This elegant and information-packed volume, Venice Illuminated: Power and Painting in Renaissance Manuscripts by Helena Katalin Szépe, is the fullest statement we have to date of the importance placed on the holding of public office by high-ranking patricians of the Venetian state. The book presents a study of a particular category of Venetian state documents collectively referred to as ducali (dogali in Venetian dialect), prepared in large part by the ducal chancery for newly elected holders of the top three offices of the republic. These were high-quality manuscripts containing the oaths, rules, and regulations attached to each office. Over… Full Review
May 20, 2020
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Daniel M. Unger
Visual and Material Culture, 1300–1700. Amsterdam: Amsterdam University Press, 2019. 244 pp.; 8 color ills.; 44 b/w ills. Cloth €99.00 (9789462986015)
Daniel M. Unger’s new monograph on “eclecticism” in early modern Bolognese painting has the undeniable merit of drawing attention to a much-neglected and foundational concept within Baroque art theory: the “synthesis of styles” described by Carlo Cesare Malvasia (1616–1693). It has been almost half a century since Charles Dempsey published his combative Annibale Carracci and the Beginnings of Baroque Style (1977). In this short but powerful book, Dempsey opposed Denis Mahon’s influential opinion that the “eclecticism” of the Carracci family was a historical misinterpretation. Perusing Malvasia with acuity, Dempsey redefined Malvasia’s synthesis of styles, demonstrating its full validity in understanding… Full Review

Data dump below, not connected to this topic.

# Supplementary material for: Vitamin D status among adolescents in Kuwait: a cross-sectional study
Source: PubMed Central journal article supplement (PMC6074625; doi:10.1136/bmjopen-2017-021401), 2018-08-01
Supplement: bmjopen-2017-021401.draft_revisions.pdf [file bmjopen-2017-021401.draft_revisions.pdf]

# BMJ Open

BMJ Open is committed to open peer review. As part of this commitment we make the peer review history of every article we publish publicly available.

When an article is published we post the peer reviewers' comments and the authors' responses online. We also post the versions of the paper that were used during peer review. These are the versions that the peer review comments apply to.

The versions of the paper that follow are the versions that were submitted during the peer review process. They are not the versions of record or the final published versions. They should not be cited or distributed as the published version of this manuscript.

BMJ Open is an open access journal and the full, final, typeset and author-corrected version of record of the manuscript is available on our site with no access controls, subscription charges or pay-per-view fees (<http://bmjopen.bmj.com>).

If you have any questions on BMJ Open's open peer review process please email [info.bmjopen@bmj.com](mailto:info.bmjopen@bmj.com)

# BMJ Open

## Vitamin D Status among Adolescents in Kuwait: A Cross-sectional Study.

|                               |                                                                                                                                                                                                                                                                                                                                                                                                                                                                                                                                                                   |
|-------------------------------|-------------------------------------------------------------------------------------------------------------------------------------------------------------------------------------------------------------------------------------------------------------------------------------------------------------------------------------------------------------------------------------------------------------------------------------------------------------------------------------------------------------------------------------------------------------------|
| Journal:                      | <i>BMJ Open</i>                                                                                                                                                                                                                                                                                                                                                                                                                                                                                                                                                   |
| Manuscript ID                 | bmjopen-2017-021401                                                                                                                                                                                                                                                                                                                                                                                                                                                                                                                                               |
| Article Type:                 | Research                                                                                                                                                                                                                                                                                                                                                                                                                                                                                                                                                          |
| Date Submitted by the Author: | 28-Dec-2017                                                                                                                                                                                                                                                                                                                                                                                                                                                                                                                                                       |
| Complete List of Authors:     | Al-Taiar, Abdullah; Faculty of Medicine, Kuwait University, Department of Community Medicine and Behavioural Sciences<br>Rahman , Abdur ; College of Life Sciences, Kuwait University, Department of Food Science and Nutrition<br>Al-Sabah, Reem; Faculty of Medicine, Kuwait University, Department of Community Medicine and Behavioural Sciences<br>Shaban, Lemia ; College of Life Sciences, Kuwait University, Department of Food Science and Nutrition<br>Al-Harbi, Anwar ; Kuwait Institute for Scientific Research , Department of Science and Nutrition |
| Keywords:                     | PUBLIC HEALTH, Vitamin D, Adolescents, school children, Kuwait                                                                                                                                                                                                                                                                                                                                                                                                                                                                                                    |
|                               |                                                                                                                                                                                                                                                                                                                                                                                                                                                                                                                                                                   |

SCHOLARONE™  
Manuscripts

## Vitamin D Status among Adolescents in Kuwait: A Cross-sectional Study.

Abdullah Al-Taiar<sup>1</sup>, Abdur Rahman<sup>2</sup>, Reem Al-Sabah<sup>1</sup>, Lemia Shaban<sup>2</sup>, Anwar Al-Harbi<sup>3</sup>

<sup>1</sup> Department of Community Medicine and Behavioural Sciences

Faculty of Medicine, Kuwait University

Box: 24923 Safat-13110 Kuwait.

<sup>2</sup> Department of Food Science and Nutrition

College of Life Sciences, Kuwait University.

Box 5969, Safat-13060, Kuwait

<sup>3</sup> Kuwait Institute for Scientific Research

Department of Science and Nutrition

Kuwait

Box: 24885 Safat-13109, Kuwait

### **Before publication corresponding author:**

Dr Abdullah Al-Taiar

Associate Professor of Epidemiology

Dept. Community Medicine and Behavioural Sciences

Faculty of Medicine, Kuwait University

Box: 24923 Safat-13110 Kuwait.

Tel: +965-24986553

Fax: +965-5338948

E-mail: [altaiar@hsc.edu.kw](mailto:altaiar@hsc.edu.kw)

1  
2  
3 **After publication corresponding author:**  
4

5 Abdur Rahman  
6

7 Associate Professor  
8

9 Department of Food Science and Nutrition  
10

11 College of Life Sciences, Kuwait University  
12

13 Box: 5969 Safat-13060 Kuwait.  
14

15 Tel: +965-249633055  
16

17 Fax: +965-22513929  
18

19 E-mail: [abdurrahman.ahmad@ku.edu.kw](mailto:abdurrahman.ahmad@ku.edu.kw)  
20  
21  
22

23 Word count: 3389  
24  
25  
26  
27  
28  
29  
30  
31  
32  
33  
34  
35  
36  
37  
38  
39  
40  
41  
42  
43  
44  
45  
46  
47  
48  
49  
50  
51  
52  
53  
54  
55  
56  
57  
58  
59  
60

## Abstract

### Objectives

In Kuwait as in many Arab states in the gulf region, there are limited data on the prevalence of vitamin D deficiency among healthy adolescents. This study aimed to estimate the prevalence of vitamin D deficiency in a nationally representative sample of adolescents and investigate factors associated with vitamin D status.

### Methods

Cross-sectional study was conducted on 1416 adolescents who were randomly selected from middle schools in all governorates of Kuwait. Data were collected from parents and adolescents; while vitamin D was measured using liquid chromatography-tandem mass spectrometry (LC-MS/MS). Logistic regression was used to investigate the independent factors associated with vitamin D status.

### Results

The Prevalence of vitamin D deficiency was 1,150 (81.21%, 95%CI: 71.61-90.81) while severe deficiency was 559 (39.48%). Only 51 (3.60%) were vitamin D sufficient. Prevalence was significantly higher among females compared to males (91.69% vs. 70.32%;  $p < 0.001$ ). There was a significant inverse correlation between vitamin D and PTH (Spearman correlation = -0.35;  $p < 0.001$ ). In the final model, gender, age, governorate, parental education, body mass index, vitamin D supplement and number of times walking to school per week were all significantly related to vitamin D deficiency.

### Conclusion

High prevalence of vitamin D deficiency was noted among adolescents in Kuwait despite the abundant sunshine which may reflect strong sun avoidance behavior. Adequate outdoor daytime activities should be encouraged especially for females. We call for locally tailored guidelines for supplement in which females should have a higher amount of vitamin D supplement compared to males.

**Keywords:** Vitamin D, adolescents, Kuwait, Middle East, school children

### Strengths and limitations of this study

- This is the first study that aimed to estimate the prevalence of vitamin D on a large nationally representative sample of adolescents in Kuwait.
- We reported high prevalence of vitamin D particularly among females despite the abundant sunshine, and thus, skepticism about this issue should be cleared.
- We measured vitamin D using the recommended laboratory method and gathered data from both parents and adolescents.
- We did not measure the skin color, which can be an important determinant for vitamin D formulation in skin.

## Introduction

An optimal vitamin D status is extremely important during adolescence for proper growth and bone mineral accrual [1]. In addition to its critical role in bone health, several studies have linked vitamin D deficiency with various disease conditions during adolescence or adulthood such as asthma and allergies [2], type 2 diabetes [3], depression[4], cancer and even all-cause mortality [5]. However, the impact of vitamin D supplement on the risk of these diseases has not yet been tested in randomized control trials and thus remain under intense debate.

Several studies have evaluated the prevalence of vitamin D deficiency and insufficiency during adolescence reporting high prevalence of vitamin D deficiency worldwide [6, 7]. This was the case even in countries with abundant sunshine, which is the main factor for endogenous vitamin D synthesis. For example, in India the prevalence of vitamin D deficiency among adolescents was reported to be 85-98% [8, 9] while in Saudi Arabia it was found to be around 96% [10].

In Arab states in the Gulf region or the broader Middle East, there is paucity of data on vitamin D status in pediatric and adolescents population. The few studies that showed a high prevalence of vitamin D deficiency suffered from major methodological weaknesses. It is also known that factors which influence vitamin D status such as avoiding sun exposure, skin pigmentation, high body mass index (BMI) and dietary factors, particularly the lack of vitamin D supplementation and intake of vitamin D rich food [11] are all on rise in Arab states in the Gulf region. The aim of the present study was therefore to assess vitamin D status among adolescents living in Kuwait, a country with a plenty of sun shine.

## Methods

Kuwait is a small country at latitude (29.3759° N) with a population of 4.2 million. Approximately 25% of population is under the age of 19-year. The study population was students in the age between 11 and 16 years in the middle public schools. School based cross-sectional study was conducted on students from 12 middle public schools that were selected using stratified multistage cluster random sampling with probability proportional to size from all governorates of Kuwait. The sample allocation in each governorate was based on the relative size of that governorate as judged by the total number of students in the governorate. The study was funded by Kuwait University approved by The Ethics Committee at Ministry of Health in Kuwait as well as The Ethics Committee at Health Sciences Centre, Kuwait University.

May 15, 2020
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Felicia M. Else
European Festival Studies: 1450–1700. New York: Routledge, 2018. 226 pp.; 32 color ills.; 76 b/w ills. Cloth $155.00 (9781472410795)
Veramente il mare, a “veritable sea,” was what the courtyard of Florence’s Palazzo Pitti looked like according to Simone Cavallino on the occasion of the naumachia (mock naval battle) organized in 1589 to celebrate the wedding of Grand Duke Ferdinando I de’ Medici and Christine of Lorraine. This expression, used in Cavallino’s official description of the festivities and quoted by Felicia M. Else (165), is paradigmatic of what her book aims to demonstrate. According to Else, bringing the sea to landlocked Florence, making it visible, and reproducing it in the city of the Arno was a goal of three… Full Review
May 6, 2020
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Getty Center, Los Angeles, November 19, 2019–February 16, 2020
Opening in time for Epiphany 2020, the exhibition Balthazar: A Black African King in Medieval and Renaissance Art at the Getty Center in Los Angeles was the first exhibition at a major museum to examine the portrayal of the youngest of the Three Magi, Balthazar, as a black African king. (The exhibition adopted the phrase “black African” in acknowledgment of racial diversity across Africa. Medieval European terms were in contrast often vague, inaccurate, or pejorative.) Balthazar begins with a question: why, if early medieval legends describe Balthazar as a black African man, does it take nearly a millennium for him… Full Review
April 30, 2020
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Kelly Donahue-Wallace
Albuquerque: University of New Mexico Press, 2017. 398 pp.; 111 b/w ills. Cloth $65.00 (9780826357342)